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How much a healthy human requires protein per day?
The WHO protein figures translate into 56g of protein a day for a (75 kg) man, and 48g for a (64 kg) woman. The recommendations of the UK Department of Health and Social Security (DHSS) are slightly higher, at about 68g a day for sedentary or moderately active men, and 54g a day for women, but the quality is important. Protein quality here refers to the concentration of essential amino acids in a food relative to their concentrations in protein molecules being synthesised. Regardless of their source, amino acids that are not immediately incorporated into new protein are rapidly degraded; i.e., excess amino acids are not stored. Consumption of excess amino acids thus is wasteful, since this surplus is catabolised to form energy, a function that carbohydrates and lipids can serve at a lower cost.
Protein normally provides the body's requirement for amino acid nitrogen and amino acids themselves. All dietary protein is digested and enters the circulation as individual amino acids. The body requires 20 amino acids to synthesise specific proteins and other nitrogen - containing compounds such as purines, pyrimidines, and heme
The daily requirements for total protein and essential amino acids in humans are calculated on the basis of body weight, the extra growth needs of infants and children are clearly evident. Pregnancy, lactation, tissues repair after injury, recoveries from illness, and increased physical activity are other conditions requiring more dietary protein. For most situations, a diet in which 12% of the energy is supplied as protein is adequate.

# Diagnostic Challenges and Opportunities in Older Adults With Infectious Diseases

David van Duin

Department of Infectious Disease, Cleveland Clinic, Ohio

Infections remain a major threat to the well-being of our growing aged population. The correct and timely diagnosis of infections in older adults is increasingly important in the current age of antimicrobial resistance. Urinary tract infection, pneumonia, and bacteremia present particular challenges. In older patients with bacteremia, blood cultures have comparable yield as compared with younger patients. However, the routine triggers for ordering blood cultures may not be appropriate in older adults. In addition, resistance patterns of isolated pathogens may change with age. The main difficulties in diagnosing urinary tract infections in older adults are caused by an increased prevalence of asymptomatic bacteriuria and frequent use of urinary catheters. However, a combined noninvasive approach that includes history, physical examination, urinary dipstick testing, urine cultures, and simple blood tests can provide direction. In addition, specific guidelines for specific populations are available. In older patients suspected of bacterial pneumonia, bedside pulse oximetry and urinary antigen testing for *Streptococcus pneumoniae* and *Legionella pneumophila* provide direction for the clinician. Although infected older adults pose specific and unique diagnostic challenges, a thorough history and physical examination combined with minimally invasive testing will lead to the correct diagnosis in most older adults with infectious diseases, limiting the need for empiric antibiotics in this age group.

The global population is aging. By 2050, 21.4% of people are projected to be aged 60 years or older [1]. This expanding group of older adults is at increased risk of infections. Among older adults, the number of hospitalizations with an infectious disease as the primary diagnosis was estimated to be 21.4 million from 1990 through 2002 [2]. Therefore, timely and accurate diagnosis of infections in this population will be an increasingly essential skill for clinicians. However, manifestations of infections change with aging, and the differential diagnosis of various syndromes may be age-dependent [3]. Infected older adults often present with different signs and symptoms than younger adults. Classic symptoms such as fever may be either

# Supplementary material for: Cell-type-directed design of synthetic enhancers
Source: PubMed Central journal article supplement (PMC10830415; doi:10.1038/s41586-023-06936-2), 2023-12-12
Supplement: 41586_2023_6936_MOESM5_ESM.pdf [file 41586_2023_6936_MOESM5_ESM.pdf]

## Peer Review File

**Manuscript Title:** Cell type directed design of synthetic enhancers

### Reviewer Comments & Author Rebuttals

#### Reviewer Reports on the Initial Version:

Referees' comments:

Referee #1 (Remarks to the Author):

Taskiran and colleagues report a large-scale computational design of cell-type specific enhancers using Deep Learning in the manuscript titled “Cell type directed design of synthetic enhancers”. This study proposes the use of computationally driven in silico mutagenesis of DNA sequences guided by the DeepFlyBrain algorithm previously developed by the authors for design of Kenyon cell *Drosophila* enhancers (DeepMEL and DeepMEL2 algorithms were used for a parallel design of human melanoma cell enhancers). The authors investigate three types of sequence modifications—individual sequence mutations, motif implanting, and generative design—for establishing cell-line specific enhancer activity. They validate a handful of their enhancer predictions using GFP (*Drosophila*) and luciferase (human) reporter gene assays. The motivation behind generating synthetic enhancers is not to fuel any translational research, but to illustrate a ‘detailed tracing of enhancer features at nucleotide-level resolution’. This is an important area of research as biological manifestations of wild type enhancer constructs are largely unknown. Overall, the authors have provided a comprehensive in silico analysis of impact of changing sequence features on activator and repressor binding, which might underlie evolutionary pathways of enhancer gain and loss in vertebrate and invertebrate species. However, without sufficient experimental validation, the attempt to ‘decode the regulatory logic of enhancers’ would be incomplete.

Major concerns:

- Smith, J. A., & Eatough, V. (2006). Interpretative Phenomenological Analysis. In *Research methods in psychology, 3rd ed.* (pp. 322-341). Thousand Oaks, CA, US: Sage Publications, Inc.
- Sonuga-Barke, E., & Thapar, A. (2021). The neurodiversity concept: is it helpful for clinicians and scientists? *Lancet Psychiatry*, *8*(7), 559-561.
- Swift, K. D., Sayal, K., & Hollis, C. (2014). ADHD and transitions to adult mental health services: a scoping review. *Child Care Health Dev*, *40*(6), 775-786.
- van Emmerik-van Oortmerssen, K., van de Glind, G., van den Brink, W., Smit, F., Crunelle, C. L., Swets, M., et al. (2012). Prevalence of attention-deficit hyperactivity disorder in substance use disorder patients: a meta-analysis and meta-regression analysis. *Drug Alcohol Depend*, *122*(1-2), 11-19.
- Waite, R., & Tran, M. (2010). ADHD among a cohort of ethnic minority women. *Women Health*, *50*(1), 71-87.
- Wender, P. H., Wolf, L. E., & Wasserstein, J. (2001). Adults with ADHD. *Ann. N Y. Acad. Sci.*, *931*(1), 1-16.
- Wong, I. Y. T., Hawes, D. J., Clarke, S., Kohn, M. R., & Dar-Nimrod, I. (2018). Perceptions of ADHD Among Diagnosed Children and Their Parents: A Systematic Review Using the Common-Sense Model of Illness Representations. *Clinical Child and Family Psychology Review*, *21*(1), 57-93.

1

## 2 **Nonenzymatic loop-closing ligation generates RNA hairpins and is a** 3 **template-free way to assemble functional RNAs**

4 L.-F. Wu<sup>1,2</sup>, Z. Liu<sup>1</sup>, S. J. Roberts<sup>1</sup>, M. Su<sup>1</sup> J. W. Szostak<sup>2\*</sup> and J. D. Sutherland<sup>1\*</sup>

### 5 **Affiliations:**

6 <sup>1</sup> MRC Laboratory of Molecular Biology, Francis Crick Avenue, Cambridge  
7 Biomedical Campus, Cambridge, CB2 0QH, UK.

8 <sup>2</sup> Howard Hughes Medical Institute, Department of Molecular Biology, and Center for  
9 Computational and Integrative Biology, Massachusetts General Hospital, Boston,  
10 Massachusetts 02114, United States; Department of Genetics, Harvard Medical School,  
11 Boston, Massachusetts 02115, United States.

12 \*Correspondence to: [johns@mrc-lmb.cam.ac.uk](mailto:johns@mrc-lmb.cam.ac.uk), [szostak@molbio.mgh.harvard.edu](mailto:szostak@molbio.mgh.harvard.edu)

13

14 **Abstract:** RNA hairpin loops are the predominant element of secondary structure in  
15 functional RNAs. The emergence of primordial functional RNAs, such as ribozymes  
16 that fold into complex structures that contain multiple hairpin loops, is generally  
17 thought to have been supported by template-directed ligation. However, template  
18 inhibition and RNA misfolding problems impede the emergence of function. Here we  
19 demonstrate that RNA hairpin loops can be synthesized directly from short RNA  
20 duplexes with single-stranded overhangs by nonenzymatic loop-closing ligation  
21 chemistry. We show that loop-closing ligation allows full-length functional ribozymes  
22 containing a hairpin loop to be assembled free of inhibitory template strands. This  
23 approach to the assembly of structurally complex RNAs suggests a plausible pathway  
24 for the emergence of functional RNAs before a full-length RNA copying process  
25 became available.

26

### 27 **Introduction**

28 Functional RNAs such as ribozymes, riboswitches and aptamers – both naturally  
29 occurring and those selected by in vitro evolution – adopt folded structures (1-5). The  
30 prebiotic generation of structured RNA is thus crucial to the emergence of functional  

The efficiency with which dietary protein is used determines the total quantity of protein required. This quantity is affected by three major factors: protein quality, energy intake, and physical activity.
The quality of protein is measured by comparing the proportions of essential amino acids in a food with the proportions required for good nutrition. The closer the two numbers are, the higher the protein quality. Egg and milk proteins are high - quality proteins that are efficiently used by the body and are used as reference standards against which other proteins can be compared. Meat protein is of high protein quality, whereas several proteins from plants used as major food sources are relatively deficient in certain essential amino acids, eg., tryptophan and lysine in maize (corn), lysine in wheat, and methionine in some beans. In a mixed diet, a deficiency of an amino acid in one protein is made up by its abundance in another; such proteins are described as complementary; eg., the protein of wheat and beans combined provides a satisfactory amino acid intake. Under such circumstances, a greater total amount of protein must he consumed to satisfy requirements.


Hamburg, 05.08.1998
For 6 years 1 have been suffering from a severe allergy. I underwent treatment in many clinics but there was no improvement. I had large swellings under my eyes, swelling of the whole face, marked swelling of the joints. I looked terrible.
With my face I used to scare people, and particularly children were afraid of me.
I have been implementing the optimal diet since January 98. After a few weeks all symptoms of allergy were gone. I have lost 7 kg in weight,- a large lipoma on my back has dissolved without a trace. I still have lipomas on my hands which are decreasing in size slowly. Will these dissolve totally as well?
Now, I am a slim person, with a nice complexion; my colleagues often do not recognise me and medics keep on wondering how a disease with which they could not do anything over the last 6 years has receded by itself I do not tell them that it was not by itself, they would not understand anyway.
Rafael K.
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